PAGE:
USS Columbus (CA-74)

USS Columbus (CA-74/ CG-12) was a Baltimore class heavy cruiser that was later converted into a guided missile cruiser and served in that role with the Atlantic Fleet into the 1970s.

USS Columbus (CG-12), 1974
USS Columbus (CG-12),

The Columbus was launched on 30 November 1944 and commissioned on 8 June 1945. She was ready to join the fleet by December, and reached China in mid-January 1946. She became the flagship of Cruiser Division One and operated in Chinese and Japanese waters. She took part in Operation 'Road's End' of 1 April 1946 in which twenty-four surviving Japanese submarines were sunk. Her first tour ended on the following day and she returned to the US. A second Pacific tour followed (15 January-12 June 1947).

In April 1948 the Columbus joined the Atlantic Fleet. She had two spells as the flagship of the Commander-in-Chief, Naval Forces Eastern Atlantic and Mediterranean (13 September 1948 to 15 December 1949 and 12 June 1950 to 5 October 1951 and one as the flagship of the Supreme Allied Commander, Atlantic (25 August-29 September 1952). After that she served in the Mediterranean (October 1952-January 1953), with a spell as flagship of the 6th Fleet. Next came a spell as flagship of Cruiser Division 6 in the Mediterranean (September 1954-January 1955).

Her final tours in her original configuration were with the Pacific Fleet and occupied January to July 1956, and spells in 1957 and 1958. During the third tour she was part of the fleet that defended the Taiwan Straits to make sure that the Communist Chinese didn't invade Taiwan.

Guided Missile Cruiser

In 1959 the Navy began work on converting the Columbus into a guided missile cruiser. She was reclassified as CG-12 on 1 November 1958 and towed to San Francisco for the conversion work. The conversion began on 1 July 1959.

USS Columbus (CA-74),

The Navy had already converted two Baltimore class cruisers into missile cruisers. Work on the Boston (CA-69) began in 1941, and she became CAG-1. Canberra (CA-70) was next, becoming CAG-2. These ships had their rear 8in turret and rear 5in turrets removed and replaced with Terrier missile launchers.

Albany, Chicago and Columbus were all given rather more extensive modifications to turn them into missile cruisers. The entire superstructure was removed and a new aluminium structure built. This featured 'Macks', combined masts and stacks, replacing both the existing masts and the two funnels. A large rectangular superstructure was built in front of the forward 'Mack', topped with the new bridge. Radar antennas were installed on top of the 'Macks'.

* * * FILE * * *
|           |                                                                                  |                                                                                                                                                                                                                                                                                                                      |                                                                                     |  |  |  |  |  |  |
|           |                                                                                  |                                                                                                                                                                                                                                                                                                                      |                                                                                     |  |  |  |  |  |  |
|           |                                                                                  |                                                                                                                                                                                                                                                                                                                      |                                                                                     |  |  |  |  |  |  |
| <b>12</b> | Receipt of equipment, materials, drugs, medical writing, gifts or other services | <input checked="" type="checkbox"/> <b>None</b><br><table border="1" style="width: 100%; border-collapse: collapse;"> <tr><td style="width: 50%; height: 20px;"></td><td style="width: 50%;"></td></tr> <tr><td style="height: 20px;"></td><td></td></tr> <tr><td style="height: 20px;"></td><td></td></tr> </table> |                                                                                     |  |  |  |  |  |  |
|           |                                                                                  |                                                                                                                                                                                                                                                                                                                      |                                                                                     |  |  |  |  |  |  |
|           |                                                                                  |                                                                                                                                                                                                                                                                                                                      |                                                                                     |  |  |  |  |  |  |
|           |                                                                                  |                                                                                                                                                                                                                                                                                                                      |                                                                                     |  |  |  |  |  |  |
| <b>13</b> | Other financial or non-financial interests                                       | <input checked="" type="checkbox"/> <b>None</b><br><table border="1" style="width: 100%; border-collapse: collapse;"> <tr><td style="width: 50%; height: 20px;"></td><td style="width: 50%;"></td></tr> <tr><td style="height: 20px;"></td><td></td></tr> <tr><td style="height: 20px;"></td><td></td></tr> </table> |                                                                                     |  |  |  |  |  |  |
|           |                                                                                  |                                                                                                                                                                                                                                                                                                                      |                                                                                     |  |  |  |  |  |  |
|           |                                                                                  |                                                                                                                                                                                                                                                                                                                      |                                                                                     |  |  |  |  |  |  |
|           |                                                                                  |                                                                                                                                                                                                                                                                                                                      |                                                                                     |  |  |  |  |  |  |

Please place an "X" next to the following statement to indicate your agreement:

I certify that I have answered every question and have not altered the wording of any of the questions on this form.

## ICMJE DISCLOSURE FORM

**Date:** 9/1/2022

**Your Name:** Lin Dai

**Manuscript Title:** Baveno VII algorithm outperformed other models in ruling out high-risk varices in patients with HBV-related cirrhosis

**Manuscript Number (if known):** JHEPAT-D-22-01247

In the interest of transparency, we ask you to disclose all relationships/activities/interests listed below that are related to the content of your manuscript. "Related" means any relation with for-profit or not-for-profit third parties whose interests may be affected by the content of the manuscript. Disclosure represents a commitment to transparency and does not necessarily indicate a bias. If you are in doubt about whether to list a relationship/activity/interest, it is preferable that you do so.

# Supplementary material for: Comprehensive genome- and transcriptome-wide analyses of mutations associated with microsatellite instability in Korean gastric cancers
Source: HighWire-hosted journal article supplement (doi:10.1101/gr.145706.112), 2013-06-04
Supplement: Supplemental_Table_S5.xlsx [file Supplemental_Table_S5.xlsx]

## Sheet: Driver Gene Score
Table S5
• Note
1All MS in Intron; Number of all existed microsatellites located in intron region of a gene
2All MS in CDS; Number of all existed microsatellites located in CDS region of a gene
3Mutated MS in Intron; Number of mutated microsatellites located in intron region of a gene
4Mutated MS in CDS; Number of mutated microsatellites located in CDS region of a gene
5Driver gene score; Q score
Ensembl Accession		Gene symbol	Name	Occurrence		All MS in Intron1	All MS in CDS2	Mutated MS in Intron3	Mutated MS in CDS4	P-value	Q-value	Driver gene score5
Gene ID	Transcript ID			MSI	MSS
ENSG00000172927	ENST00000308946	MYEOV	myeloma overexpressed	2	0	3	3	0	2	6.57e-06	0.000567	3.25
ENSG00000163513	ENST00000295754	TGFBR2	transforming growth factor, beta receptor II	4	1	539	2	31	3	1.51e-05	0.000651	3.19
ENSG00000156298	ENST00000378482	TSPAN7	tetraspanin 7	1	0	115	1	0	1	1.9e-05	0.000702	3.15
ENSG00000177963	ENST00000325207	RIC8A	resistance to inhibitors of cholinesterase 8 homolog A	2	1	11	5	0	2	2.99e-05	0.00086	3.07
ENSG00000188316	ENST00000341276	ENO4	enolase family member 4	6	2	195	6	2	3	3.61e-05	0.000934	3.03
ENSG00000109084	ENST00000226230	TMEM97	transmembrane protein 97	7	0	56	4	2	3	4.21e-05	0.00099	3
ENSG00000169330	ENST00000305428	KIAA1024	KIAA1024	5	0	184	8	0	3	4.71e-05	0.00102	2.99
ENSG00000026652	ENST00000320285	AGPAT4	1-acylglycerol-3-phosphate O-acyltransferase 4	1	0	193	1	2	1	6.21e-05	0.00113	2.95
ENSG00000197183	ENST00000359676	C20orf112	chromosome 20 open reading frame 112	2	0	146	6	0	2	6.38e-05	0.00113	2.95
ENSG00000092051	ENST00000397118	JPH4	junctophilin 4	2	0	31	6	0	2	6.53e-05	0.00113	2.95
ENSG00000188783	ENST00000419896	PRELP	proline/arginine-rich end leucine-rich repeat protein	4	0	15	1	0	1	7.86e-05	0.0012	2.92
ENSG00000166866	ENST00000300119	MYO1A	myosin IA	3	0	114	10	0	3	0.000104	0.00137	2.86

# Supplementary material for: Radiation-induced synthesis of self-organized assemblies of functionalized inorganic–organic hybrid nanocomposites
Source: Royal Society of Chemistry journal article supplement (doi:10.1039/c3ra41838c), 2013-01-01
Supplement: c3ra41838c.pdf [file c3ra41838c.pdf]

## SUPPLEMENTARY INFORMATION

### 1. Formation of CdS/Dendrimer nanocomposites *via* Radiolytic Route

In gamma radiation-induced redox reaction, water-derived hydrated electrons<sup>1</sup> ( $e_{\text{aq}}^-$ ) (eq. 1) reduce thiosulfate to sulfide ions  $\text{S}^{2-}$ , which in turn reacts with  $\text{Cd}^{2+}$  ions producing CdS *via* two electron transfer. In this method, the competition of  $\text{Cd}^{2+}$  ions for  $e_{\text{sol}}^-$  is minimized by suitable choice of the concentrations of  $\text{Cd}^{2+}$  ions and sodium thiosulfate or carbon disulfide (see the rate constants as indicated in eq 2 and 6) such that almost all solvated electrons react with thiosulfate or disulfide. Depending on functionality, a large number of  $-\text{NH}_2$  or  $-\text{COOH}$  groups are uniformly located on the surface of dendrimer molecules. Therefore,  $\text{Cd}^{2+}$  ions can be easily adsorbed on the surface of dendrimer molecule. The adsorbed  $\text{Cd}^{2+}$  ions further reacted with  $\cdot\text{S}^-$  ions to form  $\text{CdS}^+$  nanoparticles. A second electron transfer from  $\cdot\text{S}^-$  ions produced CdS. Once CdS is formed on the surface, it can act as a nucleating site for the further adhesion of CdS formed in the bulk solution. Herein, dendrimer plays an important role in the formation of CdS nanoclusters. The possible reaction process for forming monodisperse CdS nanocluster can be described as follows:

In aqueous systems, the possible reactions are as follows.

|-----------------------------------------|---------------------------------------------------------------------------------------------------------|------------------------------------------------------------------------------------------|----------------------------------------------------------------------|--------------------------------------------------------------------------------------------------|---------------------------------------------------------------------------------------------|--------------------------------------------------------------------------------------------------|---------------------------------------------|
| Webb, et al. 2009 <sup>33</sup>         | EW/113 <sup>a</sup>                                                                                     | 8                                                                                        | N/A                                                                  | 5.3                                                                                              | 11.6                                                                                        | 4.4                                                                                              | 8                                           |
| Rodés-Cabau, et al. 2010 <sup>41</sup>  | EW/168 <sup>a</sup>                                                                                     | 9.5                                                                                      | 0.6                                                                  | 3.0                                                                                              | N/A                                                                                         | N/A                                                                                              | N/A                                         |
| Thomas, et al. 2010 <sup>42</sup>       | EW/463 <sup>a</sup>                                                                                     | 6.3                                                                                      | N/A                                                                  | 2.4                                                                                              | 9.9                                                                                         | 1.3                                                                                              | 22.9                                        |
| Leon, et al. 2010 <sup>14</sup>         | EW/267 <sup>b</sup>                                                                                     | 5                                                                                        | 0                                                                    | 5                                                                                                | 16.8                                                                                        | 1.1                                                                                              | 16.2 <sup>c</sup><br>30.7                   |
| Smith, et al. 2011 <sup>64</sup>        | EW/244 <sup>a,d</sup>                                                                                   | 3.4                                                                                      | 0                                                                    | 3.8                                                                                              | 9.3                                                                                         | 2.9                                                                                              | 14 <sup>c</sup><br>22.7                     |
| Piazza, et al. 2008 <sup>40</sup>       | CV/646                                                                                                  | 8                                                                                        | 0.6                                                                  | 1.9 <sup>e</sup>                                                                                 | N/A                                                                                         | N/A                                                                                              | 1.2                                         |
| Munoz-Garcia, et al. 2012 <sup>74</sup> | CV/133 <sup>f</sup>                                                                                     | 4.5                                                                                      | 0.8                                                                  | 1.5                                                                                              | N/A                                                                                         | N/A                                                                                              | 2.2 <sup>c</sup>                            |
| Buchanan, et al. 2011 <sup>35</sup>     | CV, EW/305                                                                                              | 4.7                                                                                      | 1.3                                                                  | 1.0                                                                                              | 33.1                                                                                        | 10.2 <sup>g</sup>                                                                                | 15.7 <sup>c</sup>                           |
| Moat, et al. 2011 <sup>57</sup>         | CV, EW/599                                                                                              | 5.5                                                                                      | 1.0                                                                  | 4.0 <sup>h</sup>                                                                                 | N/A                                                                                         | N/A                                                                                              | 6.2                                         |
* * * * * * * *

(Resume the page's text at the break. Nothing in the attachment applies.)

All of the 8in guns were replaced and the ships were armed with four missile launches. Two twin Talos surface to air missile launches were carried, one fore and one aft, both on the centre line. The RIM-8 Talos had a range of 60 miles and could launch a missile with a 465lb warhead or a 5 kiloton nuclear bomb.

The Columbus was also armed with triple torpedo tubes that could fire UUM-44 nuclear tipped anti-submarine torpedoes and could carry two anti-submarine helicopters. She also retained two 5in/ 38 guns.

The Columbus was recommissioned on 1 December 1962. While her sister ship Chicago served in Vietnam, the Columbus joined the Atlantic Fleet. She remained with the Atlantic Fleet until she was decommissioned on 31 January 1975. She was struck off the Navy List on 9 August 1976 and sold for scrap in 1977.

Displacement (standard)


Displacement (loaded)


Top Speed



10,000nm at 15kts

Armour – belt


 - armour deck


 - barbettes


 - turrets

8in face
3in roof
2-3.75in sides
1.5 rear

 - conning tower

3in roof

 - underwater magazines

3in side
2.5in deck


673ft 5in oa


Nine 8in guns (three triple turrets)
Twelve 5in/38 guns (six double positions)
Forty eight 40mm guns (11x4, 2x2)
Twenty four 20mm guns
Four aircraft

Crew complement


Laid down

28 June 1943


30 November 1944


8 June 1945


9 August 1976

How to cite this article: Rickard, J (26 February 2015), USS Columbus (CA-74) ,

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